As I thought about how we manufacture breaks, I remembered when I first starting writing. I had no control of time. Character and events were all dominated by a minute-by-minute description of what was happening. If my heroine entered the room, she couldn't confront her nemesis without first walking across the carpet, over to a chair and sitting down.
Needless to say, my stories got bogged down by minutia. I was treating all moments the same. Somehow or other, I had to master time. I had to figure out how to gracefully shift back and forth between a clock and a calendar. To cut away. To compress. To know when to slow down and when to speed up and when to stop at the edge of the cliff.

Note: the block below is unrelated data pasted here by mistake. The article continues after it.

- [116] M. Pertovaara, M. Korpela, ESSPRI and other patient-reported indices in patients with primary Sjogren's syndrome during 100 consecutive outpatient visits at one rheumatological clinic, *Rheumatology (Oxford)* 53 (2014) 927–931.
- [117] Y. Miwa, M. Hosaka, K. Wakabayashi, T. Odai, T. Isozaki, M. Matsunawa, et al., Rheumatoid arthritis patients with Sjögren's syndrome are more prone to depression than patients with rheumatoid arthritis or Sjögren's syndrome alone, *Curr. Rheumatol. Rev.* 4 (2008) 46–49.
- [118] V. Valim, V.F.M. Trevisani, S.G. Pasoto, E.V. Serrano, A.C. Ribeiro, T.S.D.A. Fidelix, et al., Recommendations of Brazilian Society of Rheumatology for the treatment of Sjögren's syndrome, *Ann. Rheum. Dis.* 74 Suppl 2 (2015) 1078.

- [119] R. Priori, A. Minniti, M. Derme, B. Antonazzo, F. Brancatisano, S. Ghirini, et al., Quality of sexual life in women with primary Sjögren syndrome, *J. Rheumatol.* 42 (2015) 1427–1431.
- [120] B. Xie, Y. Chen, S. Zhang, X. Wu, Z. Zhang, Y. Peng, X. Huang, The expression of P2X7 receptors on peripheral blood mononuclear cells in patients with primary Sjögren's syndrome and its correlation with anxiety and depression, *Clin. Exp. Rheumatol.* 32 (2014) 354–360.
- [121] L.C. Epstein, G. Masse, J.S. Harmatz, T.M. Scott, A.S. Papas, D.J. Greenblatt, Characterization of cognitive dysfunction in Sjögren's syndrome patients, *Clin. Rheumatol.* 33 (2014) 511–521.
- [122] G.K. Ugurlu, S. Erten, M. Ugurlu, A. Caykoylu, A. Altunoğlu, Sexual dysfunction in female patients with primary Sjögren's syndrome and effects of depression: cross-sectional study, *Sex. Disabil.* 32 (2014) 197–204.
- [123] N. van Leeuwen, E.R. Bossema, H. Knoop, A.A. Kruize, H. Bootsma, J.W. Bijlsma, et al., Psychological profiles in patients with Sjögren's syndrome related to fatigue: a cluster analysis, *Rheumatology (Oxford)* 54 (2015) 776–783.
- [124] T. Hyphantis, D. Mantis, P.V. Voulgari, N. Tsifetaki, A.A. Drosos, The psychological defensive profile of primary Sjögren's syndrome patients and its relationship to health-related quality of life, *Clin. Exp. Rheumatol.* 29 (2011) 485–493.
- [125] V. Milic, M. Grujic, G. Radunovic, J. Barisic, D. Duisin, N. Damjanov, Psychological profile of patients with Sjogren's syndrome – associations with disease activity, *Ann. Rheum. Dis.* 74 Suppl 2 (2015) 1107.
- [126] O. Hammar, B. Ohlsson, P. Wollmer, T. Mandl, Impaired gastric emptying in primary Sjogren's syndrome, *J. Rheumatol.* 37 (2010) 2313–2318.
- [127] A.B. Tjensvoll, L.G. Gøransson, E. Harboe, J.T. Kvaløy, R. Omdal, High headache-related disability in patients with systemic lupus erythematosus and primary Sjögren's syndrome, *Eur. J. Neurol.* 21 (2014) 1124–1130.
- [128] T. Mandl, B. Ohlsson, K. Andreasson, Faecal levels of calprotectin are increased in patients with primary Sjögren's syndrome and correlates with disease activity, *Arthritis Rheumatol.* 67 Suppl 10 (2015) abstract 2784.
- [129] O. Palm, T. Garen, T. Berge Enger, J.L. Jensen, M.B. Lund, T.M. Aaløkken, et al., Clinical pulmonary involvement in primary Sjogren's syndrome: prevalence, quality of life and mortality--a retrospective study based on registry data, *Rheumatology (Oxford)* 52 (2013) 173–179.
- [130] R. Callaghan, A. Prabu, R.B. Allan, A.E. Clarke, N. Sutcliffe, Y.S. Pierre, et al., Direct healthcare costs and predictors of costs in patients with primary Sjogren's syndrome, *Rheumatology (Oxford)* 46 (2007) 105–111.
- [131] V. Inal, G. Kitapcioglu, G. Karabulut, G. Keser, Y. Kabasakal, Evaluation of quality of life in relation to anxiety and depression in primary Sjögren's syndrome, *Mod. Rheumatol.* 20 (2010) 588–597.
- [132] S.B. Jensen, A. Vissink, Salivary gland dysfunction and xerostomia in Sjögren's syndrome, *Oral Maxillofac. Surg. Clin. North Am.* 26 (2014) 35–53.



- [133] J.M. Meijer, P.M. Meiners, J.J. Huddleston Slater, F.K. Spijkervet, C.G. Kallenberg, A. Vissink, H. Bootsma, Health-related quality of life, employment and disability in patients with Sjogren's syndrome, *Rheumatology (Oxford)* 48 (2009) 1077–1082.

It wasn't easy. But when I learned those techniques, I began to be a real writer and not a stenographer.
If only the power I have in fiction extended to real life!
Then I would always place a family vacation when I had finished a draft. I would never have a boring waits at the Dept. of Motor Vehicles. I could magically compress those hours into a phrase or two. And that day at the beach could be savored. Each moment could be stretched until they numbered as many as the grains of sand upon the shore.
But if life really could be manipulated into art, would there be anything left to write about?